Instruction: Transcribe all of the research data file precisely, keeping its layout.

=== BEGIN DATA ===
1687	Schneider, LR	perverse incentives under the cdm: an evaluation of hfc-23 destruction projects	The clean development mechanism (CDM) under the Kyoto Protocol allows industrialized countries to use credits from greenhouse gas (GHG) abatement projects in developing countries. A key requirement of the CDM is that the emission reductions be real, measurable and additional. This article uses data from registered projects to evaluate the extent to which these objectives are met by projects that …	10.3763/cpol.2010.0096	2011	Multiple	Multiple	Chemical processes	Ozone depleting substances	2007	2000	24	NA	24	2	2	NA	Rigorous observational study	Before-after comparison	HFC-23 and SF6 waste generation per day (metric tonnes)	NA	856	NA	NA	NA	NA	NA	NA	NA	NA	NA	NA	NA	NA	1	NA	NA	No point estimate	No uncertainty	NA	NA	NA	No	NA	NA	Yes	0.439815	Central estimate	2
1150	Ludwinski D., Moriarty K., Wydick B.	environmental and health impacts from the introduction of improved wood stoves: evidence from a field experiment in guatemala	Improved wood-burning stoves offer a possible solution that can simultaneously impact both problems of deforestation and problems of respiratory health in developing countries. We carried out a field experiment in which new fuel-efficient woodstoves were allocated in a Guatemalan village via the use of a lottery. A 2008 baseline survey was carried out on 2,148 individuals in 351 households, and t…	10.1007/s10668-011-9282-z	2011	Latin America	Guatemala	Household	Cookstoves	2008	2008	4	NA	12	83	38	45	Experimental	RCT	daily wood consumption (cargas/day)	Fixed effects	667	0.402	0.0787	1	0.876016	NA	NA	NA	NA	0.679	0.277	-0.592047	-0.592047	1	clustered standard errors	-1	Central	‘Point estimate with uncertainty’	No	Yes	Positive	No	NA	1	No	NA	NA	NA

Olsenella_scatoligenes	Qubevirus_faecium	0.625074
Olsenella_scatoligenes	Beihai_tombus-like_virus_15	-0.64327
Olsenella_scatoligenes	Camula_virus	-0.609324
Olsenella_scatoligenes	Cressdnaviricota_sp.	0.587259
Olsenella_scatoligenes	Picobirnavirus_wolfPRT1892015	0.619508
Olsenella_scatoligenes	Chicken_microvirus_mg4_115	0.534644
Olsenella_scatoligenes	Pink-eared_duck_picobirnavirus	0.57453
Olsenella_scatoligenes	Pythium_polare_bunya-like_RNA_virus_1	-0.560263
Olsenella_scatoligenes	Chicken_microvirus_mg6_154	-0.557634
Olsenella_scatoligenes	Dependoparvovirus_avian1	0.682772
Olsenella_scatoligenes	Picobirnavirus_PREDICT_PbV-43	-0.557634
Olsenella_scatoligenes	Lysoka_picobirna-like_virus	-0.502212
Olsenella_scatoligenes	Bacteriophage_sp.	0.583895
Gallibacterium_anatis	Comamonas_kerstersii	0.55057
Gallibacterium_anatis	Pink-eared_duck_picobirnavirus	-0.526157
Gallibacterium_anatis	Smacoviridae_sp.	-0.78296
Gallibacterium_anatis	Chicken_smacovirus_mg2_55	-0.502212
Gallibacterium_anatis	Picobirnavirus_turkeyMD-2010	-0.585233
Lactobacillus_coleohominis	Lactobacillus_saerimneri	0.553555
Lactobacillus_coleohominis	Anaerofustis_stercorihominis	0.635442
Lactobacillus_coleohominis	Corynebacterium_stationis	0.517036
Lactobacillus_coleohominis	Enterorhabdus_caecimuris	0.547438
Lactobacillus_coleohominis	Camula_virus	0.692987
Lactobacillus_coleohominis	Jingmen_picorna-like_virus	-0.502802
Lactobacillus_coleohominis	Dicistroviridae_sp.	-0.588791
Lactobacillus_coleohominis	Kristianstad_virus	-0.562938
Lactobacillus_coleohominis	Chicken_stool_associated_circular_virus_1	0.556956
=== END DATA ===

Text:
1687	Schneider, LR	perverse incentives under the cdm: an evaluation of hfc-23 destruction projects	The clean development mechanism (CDM) under the Kyoto Protocol allows industrialized countries to use credits from greenhouse gas (GHG) abatement projects in developing countries. A key requirement of the CDM is that the emission reductions be real, measurable and additional. This article uses data from registered projects to evaluate the extent to which these objectives are met by projects that …	10.3763/cpol.2010.0096	2011	Multiple	Multiple	Chemical processes	Ozone depleting substances	2007	2000	24	NA	24	2	2	NA	Rigorous observational study	Before-after comparison	HFC-23 and SF6 waste generation per day (metric tonnes)	NA	856	NA	NA	NA	NA	NA	NA	NA	NA	NA	NA	NA	NA	1	NA	NA	No point estimate	No uncertainty	NA	NA	NA	No	NA	NA	Yes	0.439815	Central estimate	2
1150	Ludwinski D., Moriarty K., Wydick B.	environmental and health impacts from the introduction of improved wood stoves: evidence from a field experiment in guatemala	Improved wood-burning stoves offer a possible solution that can simultaneously impact both problems of deforestation and problems of respiratory health in developing countries. We carried out a field experiment in which new fuel-efficient woodstoves were allocated in a Guatemalan village via the use of a lottery. A 2008 baseline survey was carried out on 2,148 individuals in 351 households, and t…	10.1007/s10668-011-9282-z	2011	Latin America	Guatemala	Household	Cookstoves	2008	2008	4	NA	12	83	38	45	Experimental	RCT	daily wood consumption (cargas/day)	Fixed effects	667	0.402	0.0787	1	0.876016	NA	NA	NA	NA	0.679	0.277	-0.592047	-0.592047	1	clustered standard errors	-1	Central	‘Point estimate with uncertainty’	No	Yes	Positive	No	NA	1	No	NA	NA	NA

Olsenella_scatoligenes	Qubevirus_faecium	0.625074
Olsenella_scatoligenes	Beihai_tombus-like_virus_15	-0.64327
Olsenella_scatoligenes	Camula_virus	-0.609324
Olsenella_scatoligenes	Cressdnaviricota_sp.	0.587259
Olsenella_scatoligenes	Picobirnavirus_wolfPRT1892015	0.619508
Olsenella_scatoligenes	Chicken_microvirus_mg4_115	0.534644
Olsenella_scatoligenes	Pink-eared_duck_picobirnavirus	0.57453
Olsenella_scatoligenes	Pythium_polare_bunya-like_RNA_virus_1	-0.560263
Olsenella_scatoligenes	Chicken_microvirus_mg6_154	-0.557634
Olsenella_scatoligenes	Dependoparvovirus_avian1	0.682772
Olsenella_scatoligenes	Picobirnavirus_PREDICT_PbV-43	-0.557634
Olsenella_scatoligenes	Lysoka_picobirna-like_virus	-0.502212
Olsenella_scatoligenes	Bacteriophage_sp.	0.583895
Gallibacterium_anatis	Comamonas_kerstersii	0.55057
Gallibacterium_anatis	Pink-eared_duck_picobirnavirus	-0.526157
Gallibacterium_anatis	Smacoviridae_sp.	-0.78296
Gallibacterium_anatis	Chicken_smacovirus_mg2_55	-0.502212
Gallibacterium_anatis	Picobirnavirus_turkeyMD-2010	-0.585233
Lactobacillus_coleohominis	Lactobacillus_saerimneri	0.553555
Lactobacillus_coleohominis	Anaerofustis_stercorihominis	0.635442
Lactobacillus_coleohominis	Corynebacterium_stationis	0.517036
Lactobacillus_coleohominis	Enterorhabdus_caecimuris	0.547438
Lactobacillus_coleohominis	Camula_virus	0.692987
Lactobacillus_coleohominis	Jingmen_picorna-like_virus	-0.502802
Lactobacillus_coleohominis	Dicistroviridae_sp.	-0.588791
Lactobacillus_coleohominis	Kristianstad_virus	-0.562938
Lactobacillus_coleohominis	Chicken_stool_associated_circular_virus_1	0.556956